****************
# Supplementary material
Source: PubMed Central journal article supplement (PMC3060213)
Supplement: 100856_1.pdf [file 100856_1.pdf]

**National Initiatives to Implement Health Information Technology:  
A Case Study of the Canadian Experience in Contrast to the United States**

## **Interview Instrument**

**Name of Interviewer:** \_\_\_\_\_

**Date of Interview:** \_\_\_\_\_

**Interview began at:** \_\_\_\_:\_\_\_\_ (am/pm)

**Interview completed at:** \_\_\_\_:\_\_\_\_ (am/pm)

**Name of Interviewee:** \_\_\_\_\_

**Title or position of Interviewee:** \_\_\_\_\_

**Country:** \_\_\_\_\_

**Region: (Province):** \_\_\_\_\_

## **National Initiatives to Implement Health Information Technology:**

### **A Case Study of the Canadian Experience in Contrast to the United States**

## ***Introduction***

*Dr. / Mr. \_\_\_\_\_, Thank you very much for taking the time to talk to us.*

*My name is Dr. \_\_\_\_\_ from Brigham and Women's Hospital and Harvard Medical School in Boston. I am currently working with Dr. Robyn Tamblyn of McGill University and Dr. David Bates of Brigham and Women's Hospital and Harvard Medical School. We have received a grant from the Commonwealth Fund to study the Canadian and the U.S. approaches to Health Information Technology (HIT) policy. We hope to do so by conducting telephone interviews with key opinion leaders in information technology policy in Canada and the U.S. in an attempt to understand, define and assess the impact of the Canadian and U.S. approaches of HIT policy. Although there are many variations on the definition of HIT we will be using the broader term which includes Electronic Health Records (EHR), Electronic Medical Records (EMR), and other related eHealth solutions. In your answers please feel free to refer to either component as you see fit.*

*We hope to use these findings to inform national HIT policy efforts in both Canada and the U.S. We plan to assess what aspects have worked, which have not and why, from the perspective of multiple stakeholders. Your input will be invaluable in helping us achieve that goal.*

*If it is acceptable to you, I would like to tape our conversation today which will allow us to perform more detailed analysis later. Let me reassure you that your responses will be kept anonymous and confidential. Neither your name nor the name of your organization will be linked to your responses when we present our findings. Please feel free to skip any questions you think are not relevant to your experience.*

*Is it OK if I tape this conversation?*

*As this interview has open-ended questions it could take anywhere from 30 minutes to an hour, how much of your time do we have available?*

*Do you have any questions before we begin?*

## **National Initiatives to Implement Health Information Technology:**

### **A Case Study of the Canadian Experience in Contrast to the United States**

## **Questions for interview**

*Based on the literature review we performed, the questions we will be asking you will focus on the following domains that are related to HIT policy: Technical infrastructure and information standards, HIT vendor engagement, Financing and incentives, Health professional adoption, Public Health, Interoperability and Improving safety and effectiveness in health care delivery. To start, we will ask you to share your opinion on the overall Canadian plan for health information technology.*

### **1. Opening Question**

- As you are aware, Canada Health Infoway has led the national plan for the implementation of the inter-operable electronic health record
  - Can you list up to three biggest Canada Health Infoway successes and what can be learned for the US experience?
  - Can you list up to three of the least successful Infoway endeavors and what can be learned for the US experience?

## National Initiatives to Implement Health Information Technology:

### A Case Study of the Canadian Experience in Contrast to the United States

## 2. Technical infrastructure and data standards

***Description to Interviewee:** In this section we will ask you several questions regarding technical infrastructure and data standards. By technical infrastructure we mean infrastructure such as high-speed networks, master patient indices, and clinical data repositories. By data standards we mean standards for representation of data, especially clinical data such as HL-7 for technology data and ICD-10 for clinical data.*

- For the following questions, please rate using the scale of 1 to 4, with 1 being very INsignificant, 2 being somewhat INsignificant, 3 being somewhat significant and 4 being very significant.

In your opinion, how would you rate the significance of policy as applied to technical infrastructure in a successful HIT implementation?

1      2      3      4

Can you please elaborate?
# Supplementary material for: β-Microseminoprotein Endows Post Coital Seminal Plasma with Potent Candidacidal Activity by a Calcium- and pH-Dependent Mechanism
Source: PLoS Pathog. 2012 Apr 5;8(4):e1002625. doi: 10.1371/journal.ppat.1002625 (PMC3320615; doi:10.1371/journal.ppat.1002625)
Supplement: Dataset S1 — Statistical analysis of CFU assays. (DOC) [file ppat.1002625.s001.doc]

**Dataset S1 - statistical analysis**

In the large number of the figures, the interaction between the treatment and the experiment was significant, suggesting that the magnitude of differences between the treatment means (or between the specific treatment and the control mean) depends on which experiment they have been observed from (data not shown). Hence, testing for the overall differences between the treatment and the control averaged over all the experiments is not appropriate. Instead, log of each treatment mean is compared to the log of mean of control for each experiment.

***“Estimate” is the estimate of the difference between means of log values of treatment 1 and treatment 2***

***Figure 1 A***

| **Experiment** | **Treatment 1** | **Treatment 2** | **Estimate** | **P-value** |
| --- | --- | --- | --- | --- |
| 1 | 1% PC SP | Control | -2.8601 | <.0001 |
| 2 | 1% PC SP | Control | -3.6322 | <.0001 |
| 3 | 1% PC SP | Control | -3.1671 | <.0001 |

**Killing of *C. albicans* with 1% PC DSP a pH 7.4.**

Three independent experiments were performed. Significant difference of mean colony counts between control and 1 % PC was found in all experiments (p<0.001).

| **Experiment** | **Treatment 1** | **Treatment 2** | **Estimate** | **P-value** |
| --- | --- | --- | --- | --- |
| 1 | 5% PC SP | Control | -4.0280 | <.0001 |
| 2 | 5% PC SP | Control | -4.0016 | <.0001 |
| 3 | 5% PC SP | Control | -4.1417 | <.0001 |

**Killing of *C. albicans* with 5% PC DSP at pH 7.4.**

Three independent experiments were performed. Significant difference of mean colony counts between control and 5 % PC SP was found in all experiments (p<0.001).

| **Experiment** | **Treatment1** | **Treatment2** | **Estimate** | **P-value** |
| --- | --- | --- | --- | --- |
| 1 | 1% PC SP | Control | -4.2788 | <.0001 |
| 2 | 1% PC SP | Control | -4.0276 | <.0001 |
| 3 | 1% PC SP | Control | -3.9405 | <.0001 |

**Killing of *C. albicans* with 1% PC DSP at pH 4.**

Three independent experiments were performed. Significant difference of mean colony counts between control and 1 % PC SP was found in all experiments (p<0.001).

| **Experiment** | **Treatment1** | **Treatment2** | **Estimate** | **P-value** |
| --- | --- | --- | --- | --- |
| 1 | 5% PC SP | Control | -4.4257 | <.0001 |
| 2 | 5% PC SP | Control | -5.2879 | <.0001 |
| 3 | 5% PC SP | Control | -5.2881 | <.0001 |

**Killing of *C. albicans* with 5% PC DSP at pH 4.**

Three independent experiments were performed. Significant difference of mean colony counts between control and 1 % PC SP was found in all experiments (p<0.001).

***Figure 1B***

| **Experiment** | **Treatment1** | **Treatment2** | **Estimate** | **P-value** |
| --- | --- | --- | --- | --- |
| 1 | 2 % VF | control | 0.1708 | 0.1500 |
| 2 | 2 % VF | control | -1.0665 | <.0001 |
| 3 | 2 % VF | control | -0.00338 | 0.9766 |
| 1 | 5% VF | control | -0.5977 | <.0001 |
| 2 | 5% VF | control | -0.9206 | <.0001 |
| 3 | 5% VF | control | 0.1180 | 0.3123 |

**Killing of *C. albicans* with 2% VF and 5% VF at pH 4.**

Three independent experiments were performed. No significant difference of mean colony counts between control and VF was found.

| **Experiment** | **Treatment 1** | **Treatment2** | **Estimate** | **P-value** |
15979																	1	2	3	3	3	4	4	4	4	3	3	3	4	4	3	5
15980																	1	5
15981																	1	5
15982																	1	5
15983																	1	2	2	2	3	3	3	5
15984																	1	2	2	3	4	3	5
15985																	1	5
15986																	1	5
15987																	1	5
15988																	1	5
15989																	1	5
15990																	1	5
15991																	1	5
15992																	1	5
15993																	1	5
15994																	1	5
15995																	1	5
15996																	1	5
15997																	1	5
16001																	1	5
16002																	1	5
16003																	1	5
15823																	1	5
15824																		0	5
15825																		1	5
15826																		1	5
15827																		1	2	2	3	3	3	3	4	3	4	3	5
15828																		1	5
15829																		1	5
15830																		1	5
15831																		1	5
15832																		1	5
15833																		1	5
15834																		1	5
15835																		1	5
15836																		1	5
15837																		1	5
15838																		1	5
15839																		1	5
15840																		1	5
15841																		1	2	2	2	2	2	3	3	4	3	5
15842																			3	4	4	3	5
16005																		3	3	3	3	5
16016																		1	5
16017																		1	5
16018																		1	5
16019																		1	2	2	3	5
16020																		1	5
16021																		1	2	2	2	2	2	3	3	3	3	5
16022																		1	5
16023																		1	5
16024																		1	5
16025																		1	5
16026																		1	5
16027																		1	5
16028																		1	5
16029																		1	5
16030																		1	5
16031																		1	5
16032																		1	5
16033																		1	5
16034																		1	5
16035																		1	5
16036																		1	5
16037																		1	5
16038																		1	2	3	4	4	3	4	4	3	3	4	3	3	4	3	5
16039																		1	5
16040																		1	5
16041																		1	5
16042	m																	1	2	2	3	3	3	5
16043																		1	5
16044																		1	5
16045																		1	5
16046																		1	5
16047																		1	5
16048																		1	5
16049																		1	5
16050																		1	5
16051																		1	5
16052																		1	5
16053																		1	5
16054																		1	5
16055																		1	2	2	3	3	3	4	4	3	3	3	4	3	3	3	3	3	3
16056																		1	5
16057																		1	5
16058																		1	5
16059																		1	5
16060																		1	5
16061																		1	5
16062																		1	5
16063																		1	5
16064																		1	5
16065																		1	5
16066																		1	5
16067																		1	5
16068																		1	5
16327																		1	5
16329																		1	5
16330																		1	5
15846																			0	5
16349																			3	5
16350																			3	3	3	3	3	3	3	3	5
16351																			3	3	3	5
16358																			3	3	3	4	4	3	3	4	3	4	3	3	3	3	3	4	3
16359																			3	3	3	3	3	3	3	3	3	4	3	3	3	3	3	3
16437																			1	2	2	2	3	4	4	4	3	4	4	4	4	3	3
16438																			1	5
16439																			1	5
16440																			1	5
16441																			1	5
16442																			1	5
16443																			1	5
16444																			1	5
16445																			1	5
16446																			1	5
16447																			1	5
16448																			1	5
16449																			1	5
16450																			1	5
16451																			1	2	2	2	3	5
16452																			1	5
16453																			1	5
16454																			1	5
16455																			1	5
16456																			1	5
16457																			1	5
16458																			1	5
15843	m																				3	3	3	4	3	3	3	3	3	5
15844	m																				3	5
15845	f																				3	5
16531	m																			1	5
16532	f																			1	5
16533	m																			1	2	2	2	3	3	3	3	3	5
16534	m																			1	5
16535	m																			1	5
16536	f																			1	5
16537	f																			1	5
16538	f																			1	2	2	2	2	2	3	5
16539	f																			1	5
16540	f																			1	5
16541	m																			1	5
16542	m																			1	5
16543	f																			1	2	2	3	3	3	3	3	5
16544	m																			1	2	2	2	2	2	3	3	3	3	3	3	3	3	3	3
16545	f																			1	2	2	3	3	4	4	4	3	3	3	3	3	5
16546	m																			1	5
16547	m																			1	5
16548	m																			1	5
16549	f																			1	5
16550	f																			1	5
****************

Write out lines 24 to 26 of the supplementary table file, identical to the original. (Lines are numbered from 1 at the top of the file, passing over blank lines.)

*Do you have any questions before we begin?*

## **National Initiatives to Implement Health Information Technology:**

### **A Case Study of the Canadian Experience in Contrast to the United States**